Be active. Characters can “brush hair out of their face” “open doors” and even slap people without you telling us they reached out an arm or hand to do this. We are smart. Really.
#3 Painful and Alien Movement of Body Parts…
Her eyes flew to the other end of the restaurant.
His head followed her across the room.
All I have to say is… “Ouch.”
Make sure your character keeps all body parts attached. Her gaze can follow a person and so can her stare, but if her eyes follow? The carpet gets them fuzzy with dust bunnies and then they don’t slide back in her sockets as easily.
#4 Too much Physiology…
Her heart pounded. Her heart hammered. Her pulse beat in her head. Her breath came in choking sobs.
After a page of this? I need a nap. After two pages? I need a drink. We can only take so much heart pounding, thrumming, hammering before we just get worn out. That and I read a lot of entries where the character has her heart hammering so much, I am waiting for her to slip into cardiac arrest at any moment. Ease up on the physiology. Less is often more.
Get a copy of Angela Ackerman and Becca Puglisi’s Emotion Thesaurus to help you vary physiology. Also, if someone’s heart is pounding, that’s okay. We assume until they are out of danger it’s still pounding. No need to remind us.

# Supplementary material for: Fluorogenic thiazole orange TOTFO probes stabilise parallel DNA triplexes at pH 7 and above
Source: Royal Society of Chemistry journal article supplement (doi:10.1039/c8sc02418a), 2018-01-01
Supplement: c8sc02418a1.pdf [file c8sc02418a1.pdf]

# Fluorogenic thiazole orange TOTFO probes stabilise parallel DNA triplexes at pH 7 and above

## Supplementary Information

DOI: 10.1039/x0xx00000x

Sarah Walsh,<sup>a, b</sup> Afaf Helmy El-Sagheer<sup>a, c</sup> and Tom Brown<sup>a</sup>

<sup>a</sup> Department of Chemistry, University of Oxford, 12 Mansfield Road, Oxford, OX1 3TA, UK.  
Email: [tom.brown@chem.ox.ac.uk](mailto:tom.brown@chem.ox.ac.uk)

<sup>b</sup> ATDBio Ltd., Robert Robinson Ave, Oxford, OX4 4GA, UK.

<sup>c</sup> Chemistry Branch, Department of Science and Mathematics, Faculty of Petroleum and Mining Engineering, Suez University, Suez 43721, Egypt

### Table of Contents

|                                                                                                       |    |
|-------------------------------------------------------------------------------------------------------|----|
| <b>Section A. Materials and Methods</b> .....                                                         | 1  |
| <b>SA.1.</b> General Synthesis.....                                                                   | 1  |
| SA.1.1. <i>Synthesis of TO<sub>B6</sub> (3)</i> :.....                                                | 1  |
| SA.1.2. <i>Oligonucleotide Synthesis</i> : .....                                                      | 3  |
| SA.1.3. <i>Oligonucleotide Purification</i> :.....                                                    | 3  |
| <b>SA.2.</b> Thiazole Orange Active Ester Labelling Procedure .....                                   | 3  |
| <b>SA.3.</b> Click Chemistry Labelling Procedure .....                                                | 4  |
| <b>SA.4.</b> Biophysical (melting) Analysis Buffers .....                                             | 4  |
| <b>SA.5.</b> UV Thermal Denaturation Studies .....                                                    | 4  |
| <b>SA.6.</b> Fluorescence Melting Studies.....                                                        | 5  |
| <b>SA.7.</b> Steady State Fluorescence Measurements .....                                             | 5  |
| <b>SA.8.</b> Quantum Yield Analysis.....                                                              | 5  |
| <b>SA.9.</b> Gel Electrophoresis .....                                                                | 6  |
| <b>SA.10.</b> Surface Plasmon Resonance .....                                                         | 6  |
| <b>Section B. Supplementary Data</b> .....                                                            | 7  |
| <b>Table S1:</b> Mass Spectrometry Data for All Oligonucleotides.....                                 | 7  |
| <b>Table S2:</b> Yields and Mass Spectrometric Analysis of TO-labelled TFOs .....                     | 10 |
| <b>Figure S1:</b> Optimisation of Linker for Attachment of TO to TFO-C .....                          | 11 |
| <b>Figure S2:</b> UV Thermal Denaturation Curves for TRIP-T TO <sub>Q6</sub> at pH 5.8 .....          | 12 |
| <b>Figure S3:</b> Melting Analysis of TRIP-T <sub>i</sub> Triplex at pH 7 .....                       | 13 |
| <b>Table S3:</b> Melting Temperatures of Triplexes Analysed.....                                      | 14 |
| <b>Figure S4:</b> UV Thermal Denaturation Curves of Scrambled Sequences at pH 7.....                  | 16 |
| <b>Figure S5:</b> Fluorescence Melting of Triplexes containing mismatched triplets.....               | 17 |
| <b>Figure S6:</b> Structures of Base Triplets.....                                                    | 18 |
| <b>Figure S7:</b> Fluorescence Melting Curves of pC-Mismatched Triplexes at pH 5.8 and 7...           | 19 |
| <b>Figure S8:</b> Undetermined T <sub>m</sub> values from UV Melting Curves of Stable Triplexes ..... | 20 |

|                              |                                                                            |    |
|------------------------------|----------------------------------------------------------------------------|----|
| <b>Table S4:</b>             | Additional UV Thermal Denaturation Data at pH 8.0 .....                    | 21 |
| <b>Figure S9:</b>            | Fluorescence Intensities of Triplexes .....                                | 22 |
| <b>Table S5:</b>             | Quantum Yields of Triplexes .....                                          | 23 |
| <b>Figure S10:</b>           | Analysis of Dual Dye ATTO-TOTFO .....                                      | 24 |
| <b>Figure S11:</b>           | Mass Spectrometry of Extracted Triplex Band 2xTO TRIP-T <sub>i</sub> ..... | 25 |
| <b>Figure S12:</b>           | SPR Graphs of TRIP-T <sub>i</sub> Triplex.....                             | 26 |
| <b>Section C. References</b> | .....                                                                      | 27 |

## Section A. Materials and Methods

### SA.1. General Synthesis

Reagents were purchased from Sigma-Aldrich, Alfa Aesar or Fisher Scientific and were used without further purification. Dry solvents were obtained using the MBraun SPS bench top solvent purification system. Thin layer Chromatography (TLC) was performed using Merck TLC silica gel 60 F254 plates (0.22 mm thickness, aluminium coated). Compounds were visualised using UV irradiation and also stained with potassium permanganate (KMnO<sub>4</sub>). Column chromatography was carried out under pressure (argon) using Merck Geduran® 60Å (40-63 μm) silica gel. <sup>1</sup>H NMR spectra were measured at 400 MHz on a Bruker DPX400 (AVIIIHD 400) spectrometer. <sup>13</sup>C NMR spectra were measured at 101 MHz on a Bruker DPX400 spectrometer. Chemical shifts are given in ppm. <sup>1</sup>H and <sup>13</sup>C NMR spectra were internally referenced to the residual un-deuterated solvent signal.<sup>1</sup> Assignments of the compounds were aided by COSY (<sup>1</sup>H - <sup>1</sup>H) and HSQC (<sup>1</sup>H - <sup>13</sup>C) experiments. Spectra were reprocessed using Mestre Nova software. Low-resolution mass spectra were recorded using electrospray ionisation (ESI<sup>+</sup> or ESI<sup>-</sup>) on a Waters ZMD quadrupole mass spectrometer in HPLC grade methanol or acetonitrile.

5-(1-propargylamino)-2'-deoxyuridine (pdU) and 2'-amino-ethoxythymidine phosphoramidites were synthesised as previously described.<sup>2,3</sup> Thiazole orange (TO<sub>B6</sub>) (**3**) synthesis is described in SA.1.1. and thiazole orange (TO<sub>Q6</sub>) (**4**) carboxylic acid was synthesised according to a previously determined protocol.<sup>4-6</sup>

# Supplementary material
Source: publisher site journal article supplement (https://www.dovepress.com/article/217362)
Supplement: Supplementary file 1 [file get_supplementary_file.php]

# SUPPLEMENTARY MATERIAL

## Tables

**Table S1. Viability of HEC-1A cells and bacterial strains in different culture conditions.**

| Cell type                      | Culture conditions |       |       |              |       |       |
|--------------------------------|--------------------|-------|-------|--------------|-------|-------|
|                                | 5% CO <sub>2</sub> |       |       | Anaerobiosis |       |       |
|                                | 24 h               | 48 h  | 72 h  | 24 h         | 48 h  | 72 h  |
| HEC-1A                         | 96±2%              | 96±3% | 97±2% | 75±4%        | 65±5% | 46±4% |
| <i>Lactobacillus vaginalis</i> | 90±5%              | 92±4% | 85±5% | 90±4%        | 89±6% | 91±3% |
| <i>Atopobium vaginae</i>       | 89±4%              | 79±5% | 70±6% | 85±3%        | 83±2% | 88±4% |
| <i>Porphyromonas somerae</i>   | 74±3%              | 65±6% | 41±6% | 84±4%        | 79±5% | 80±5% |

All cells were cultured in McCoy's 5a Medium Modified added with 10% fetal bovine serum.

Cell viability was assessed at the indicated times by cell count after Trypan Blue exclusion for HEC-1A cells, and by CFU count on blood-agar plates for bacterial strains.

#5 Backing Into the Sentence/Passive Voice
In an effort to break up and vary sentence structure, many writers will craft sentences like this:
With the months of stress pressing down on her head, Jessie started ironing the restaurant tablecloths with a fury.
Problem? Passive action. When we use the word “down” then “on” is redundant. Either she is ironing or not ironing. “Started” is overused and makes sloppy writing. That actually goes back to the whole “stage direction” thing.
Jessie ironed the restaurant tablecloths with a fury, months of stress pressing on her shoulders.
The door was kicked in by the police.
Police kicked in the door.
If you go through your pages and see WAS clusters? That’s a HUGE hint that passive voice has infected your story.
#6 Almost ALWAYS Use “Said” as a Tag
“You are such a jerk,” she laughed.
A character can’t “laugh” something. They can’t “snip” “spit” “snarl” “grouse” words. They can SAY and ever so often they can ASK. Said becomes white noise. Readers don’t “see” it. It keeps them in the story and cooking along. If we want to add things like laughing, griping, complaining, then fine. It just shouldn’t be the tag.
“You are such a jerk.” She laughed as she flicked brownie batter onto Fabio’s white shirt.
There you go, SIX easy tips for self-editing. We all make these mistakes and that’s why God invented revision (that and to punish the unfaithful). If you can get rid of these common offenders on your own, then good editors can focus on the deeper aspects of your fiction.
Have you had to ruthlessly slay your favorite metaphors? Are you a recovering adverb-addict? What are some other self-editing guidelines you use to keep your prose clean and effective?